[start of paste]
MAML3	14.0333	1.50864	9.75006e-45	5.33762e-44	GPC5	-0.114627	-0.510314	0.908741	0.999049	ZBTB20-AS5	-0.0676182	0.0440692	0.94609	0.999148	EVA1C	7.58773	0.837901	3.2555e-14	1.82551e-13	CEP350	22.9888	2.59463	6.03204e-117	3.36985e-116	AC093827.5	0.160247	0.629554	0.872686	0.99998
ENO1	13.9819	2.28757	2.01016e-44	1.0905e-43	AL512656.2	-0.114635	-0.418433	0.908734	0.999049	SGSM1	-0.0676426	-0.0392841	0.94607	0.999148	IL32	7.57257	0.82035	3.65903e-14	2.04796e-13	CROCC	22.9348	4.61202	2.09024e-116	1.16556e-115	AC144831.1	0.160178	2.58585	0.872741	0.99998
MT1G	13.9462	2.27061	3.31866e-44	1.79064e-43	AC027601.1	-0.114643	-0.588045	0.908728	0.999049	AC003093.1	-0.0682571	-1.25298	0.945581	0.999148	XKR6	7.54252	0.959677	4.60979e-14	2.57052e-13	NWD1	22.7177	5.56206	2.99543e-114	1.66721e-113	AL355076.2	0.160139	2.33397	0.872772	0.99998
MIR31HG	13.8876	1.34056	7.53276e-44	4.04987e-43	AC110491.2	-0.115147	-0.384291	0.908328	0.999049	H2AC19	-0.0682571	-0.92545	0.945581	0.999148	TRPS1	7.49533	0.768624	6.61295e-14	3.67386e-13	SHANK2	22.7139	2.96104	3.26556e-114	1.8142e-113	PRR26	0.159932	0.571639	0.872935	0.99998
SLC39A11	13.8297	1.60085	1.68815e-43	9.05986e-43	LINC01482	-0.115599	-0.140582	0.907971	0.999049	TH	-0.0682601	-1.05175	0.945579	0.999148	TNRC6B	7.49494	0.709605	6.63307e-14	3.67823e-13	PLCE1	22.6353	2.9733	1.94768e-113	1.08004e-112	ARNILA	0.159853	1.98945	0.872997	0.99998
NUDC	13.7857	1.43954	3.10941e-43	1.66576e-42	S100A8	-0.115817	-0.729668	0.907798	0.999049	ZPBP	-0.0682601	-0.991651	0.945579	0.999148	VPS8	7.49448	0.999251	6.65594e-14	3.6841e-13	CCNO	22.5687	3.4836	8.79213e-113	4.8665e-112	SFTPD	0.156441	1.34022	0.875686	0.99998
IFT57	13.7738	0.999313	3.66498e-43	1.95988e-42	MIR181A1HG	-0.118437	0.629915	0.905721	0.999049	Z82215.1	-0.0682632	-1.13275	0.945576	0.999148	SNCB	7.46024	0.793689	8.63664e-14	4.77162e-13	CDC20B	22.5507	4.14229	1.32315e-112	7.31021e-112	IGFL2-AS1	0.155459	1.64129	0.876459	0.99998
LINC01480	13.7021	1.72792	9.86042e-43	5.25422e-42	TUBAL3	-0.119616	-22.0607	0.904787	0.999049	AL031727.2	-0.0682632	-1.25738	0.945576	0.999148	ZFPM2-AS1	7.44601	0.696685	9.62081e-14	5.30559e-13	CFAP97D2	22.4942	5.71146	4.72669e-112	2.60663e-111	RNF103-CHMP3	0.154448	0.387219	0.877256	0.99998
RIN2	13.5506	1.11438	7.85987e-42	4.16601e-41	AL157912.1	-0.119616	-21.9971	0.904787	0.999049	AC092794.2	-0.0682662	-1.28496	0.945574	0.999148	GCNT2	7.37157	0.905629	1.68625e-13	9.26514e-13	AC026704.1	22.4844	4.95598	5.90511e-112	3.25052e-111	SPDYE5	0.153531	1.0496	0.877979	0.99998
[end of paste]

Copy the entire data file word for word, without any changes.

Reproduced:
MAML3	14.0333	1.50864	9.75006e-45	5.33762e-44	GPC5	-0.114627	-0.510314	0.908741	0.999049	ZBTB20-AS5	-0.0676182	0.0440692	0.94609	0.999148	EVA1C	7.58773	0.837901	3.2555e-14	1.82551e-13	CEP350	22.9888	2.59463	6.03204e-117	3.36985e-116	AC093827.5	0.160247	0.629554	0.872686	0.99998
ENO1	13.9819	2.28757	2.01016e-44	1.0905e-43	AL512656.2	-0.114635	-0.418433	0.908734	0.999049	SGSM1	-0.0676426	-0.0392841	0.94607	0.999148	IL32	7.57257	0.82035	3.65903e-14	2.04796e-13	CROCC	22.9348	4.61202	2.09024e-116	1.16556e-115	AC144831.1	0.160178	2.58585	0.872741	0.99998
MT1G	13.9462	2.27061	3.31866e-44	1.79064e-43	AC027601.1	-0.114643	-0.588045	0.908728	0.999049	AC003093.1	-0.0682571	-1.25298	0.945581	0.999148	XKR6	7.54252	0.959677	4.60979e-14	2.57052e-13	NWD1	22.7177	5.56206	2.99543e-114	1.66721e-113	AL355076.2	0.160139	2.33397	0.872772	0.99998
MIR31HG	13.8876	1.34056	7.53276e-44	4.04987e-43	AC110491.2	-0.115147	-0.384291	0.908328	0.999049	H2AC19	-0.0682571	-0.92545	0.945581	0.999148	TRPS1	7.49533	0.768624	6.61295e-14	3.67386e-13	SHANK2	22.7139	2.96104	3.26556e-114	1.8142e-113	PRR26	0.159932	0.571639	0.872935	0.99998
SLC39A11	13.8297	1.60085	1.68815e-43	9.05986e-43	LINC01482	-0.115599	-0.140582	0.907971	0.999049	TH	-0.0682601	-1.05175	0.945579	0.999148	TNRC6B	7.49494	0.709605	6.63307e-14	3.67823e-13	PLCE1	22.6353	2.9733	1.94768e-113	1.08004e-112	ARNILA	0.159853	1.98945	0.872997	0.99998
NUDC	13.7857	1.43954	3.10941e-43	1.66576e-42	S100A8	-0.115817	-0.729668	0.907798	0.999049	ZPBP	-0.0682601	-0.991651	0.945579	0.999148	VPS8	7.49448	0.999251	6.65594e-14	3.6841e-13	CCNO	22.5687	3.4836	8.79213e-113	4.8665e-112	SFTPD	0.156441	1.34022	0.875686	0.99998
IFT57	13.7738	0.999313	3.66498e-43	1.95988e-42	MIR181A1HG	-0.118437	0.629915	0.905721	0.999049	Z82215.1	-0.0682632	-1.13275	0.945576	0.999148	SNCB	7.46024	0.793689	8.63664e-14	4.77162e-13	CDC20B	22.5507	4.14229	1.32315e-112	7.31021e-112	IGFL2-AS1	0.155459	1.64129	0.876459	0.99998
LINC01480	13.7021	1.72792	9.86042e-43	5.25422e-42	TUBAL3	-0.119616	-22.0607	0.904787	0.999049	AL031727.2	-0.0682632	-1.25738	0.945576	0.999148	ZFPM2-AS1	7.44601	0.696685	9.62081e-14	5.30559e-13	CFAP97D2	22.4942	5.71146	4.72669e-112	2.60663e-111	RNF103-CHMP3	0.154448	0.387219	0.877256	0.99998
RIN2	13.5506	1.11438	7.85987e-42	4.16601e-41	AL157912.1	-0.119616	-21.9971	0.904787	0.999049	AC092794.2	-0.0682662	-1.28496	0.945574	0.999148	GCNT2	7.37157	0.905629	1.68625e-13	9.26514e-13	AC026704.1	22.4844	4.95598	5.90511e-112	3.25052e-111	SPDYE5	0.153531	1.0496	0.877979	0.99998